In the letter, the authors say that black women have consistently supported the party, but have been ignored by Democratic leaders who seemed to be more focused on winning back white voters who rejected Hillary Clinton in November.
“The data reveals that Black women voters are the very foundation to a winning coalition, yet most Black voters feel like the Democrats take them for granted,” the letter reads. “Since taking office, you have met with and listened to key constituencies. But you have yet to host a Black women leaders convening.”
The letter calls on Perez to hold a meeting with black women leaders and activists to talk about how the party can better work with black women, including hiring them for key staff positions.
“The time is now for progressive power brokers and the very Party that we have carried on our back to the voting booth, year in and year out, to make a sustained and substantial investment in our leadership and priorities,” the letter states.
In a statement to The Washington Post, Perez said, “While black women are at the core of our party and of the resistance, they are too often taken for granted. We must change this.” He went on to say the party would gather women “from across the country, including those that signed the letter, to discuss how we can better engage the issues confronting Black women and partner with them to elect more leaders who share their values.”
Perez met with a diverse group of women in early May, including some of the letter’s signees, but will host a meeting just for black women, according to a DNC official. In addition to Karen Carter Peterson, who was elected vice chair of the party in February, the officials said, there are several other black women in leadership posts, including the deputy treasurer and the chief operating officer.
Glynda C. Carr, co-founder of Higher Heights for America, which encourages black women to run for elected office, said the intent of the letter was to “begin a dialogue on how the Democratic Party will address the concerns of this vital bloc.”
Carr, one of the signees, said the party could do more to recruit and support black women to run for office.
“Having Black women’s voices at the table as the Democratic leadership determines strategy for a pathway forward is important to ensure that our issues are included in agenda setting and that investments are made to support our leadership development from grass roots activism to candidate recruitment and pipeline building,” Carr said.
Much of the public discussion within and about the party has focused on the defections among white working-class and rural voters, to whom President Trump appealed with a strong economic message and raw language that hinted at halting the march toward multiculturalism that characterized the tenure of former President Barack Obama.
But even as other traditional Democratic voters shifted to Trump or backed minor party candidates, black women remained the Democratic candidate’s strongest supporters. Network exit polling indicated that 94 percent of black women who cast ballots in 2016 voted for Clinton. And at least 90 percent or more black women voted for Democratic candidates in each of the last five presidential elections. In comparison, 82 percent of black men voted for Clinton in 2016. Black women, along with other women of color, are responsible for Clinton’s 13-point win among women overall, as a slim majority of white women, 52 percent, voted for Trump, according to network exit polling.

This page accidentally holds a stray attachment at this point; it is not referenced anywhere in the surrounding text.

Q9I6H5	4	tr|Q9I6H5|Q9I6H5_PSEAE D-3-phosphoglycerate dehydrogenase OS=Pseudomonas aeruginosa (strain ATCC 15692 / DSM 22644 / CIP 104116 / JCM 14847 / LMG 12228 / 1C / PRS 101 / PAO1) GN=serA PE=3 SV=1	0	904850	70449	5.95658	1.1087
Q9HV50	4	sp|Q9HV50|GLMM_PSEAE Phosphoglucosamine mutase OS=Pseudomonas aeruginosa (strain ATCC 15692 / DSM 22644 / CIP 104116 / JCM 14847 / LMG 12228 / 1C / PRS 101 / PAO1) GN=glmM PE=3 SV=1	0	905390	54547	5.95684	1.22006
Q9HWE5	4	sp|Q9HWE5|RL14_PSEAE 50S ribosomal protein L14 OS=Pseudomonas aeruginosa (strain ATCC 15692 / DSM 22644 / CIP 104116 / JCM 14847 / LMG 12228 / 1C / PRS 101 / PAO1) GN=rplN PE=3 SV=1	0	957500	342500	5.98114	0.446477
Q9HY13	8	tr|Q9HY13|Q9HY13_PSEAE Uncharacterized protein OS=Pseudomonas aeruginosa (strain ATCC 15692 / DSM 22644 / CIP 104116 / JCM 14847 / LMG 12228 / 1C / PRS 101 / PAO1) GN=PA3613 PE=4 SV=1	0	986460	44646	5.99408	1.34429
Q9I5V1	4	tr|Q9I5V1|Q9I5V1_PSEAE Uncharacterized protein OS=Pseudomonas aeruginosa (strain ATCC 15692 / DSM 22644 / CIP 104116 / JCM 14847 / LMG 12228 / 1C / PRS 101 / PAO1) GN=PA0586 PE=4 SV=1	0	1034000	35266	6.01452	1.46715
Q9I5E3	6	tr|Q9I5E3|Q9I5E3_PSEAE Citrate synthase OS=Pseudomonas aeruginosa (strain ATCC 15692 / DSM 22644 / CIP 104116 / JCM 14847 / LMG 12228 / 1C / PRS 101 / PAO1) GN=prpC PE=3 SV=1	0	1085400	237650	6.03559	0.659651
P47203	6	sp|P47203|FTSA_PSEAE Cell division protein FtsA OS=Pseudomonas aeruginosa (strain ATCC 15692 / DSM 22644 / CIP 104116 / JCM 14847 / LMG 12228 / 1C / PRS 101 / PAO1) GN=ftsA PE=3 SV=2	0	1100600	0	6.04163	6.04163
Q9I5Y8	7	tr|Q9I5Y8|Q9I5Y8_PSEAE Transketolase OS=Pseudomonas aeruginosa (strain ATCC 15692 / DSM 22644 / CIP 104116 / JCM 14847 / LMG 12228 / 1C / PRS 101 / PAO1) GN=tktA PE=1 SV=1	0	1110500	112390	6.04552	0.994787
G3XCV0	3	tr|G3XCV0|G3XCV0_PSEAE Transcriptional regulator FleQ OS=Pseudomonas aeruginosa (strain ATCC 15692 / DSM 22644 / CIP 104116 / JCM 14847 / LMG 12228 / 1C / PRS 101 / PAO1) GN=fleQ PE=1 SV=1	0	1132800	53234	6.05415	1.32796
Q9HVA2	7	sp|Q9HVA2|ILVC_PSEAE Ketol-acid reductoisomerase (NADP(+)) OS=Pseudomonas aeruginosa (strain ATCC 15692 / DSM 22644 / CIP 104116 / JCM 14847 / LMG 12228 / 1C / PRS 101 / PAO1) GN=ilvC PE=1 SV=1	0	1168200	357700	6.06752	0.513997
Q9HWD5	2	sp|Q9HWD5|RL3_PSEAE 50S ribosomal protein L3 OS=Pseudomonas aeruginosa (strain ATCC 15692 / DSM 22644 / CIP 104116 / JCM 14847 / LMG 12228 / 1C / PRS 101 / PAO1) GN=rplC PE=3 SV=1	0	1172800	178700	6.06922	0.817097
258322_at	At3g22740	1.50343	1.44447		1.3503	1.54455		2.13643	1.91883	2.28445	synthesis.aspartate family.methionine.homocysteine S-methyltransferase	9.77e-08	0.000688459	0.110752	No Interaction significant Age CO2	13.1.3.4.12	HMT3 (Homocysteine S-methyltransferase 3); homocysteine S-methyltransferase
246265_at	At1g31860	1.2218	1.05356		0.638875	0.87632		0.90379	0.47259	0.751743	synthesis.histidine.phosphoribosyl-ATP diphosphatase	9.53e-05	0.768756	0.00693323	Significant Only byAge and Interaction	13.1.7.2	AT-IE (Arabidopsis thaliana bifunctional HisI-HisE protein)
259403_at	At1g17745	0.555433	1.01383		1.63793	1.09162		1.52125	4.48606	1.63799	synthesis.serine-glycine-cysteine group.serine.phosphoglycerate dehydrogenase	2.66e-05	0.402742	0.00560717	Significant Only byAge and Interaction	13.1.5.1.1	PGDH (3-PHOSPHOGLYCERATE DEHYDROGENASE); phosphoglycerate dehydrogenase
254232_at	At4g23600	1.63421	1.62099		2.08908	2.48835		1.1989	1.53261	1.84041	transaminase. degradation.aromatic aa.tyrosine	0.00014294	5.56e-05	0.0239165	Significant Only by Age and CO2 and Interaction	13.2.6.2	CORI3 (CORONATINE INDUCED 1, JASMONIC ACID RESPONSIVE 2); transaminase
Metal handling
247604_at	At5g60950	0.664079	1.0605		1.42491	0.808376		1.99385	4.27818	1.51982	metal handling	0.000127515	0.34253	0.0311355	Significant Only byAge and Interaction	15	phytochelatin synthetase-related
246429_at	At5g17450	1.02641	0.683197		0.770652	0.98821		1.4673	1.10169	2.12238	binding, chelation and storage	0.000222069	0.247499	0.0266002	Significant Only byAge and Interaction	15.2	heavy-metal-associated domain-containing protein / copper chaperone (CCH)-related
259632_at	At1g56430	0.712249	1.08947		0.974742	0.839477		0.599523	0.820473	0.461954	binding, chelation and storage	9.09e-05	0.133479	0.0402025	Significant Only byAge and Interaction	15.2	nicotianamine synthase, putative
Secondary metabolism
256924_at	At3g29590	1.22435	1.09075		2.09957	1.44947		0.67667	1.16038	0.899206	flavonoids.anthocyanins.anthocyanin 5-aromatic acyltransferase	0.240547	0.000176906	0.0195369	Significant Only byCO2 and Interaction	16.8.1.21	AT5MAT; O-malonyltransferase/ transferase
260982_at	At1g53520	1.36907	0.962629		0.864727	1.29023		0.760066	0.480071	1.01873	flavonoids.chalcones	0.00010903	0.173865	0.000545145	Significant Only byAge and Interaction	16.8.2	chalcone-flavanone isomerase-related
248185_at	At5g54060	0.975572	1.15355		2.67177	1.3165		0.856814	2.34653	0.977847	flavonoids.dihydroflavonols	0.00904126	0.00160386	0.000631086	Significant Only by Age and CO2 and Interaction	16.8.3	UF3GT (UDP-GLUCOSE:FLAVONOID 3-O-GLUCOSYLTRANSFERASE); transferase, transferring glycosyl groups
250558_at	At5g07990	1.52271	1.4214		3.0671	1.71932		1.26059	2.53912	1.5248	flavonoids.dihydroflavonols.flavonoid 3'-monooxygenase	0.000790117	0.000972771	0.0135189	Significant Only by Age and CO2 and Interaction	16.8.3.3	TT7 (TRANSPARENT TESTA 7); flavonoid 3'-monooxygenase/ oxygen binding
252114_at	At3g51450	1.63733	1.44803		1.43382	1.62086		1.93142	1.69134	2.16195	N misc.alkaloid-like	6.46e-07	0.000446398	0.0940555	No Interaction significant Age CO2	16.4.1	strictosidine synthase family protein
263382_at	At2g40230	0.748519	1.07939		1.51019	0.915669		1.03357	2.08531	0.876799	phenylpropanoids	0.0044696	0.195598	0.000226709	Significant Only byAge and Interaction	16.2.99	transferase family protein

Symone Sanders, a Democratic strategist, said that in many cases, white working-class voters and working African Americans share some of the same concerns, especially about the economy, and the party need not favor one group over the other.
“If the party believes that black people are going to continue to, on their own, organize and show up and vote for Democrats without serious acknowledgment of our electoral importance, the party will be in for a rude awakening,” Sanders said.
One consequence of failure to engage black voters is that they might stay home on Election Day. After historic rates of turnout in 2008 and 2012, black voter participation dipped last year. Black voter turnout fell from 66 percent in 2012, when it surpassed turnout among white voters, to 59 percent in 2016, according to Census Bureau data. Among black women, 64 percent voted in November, a noticeable drop from the 70 percent who cast ballots in 2012.
Activists say that neither the Clinton campaign nor the DNC was able to rally black voters. Meanwhile, although Trump did not drive up turnout among white working-class voters as pundits theorized after his upset victory, they did vote for him at a higher rate — 66 percent — than they did for Mitt Romney, who got 61 percent of their votes in 2012, according to exit polls.
Rep. Bonnie Watson Coleman (D-N.J.), one of the signers, said the letter was “a manifestation of conversations we’ve been having among ourselves. The Democratic Party depends on us, we show up and it doesn’t necessarily recognize that there needs to be much more to this relationship than what happens in late October or November.”
She also said black women are looking for an ongoing dialogue, not just an event in response to the letter.
“We need to have not just one conversation and not a conversation with 100 women at one time, but a series of conversations,” Watson said, adding that black women need to be part of the discussion about how the party goes about polling, plots strategy and shapes messages. “It’s not about what you say, it’s what you do. You can’t tell me I’m important to this enterprise and not act like it.”
Scott Clement and Emily Guskin contributed to this report.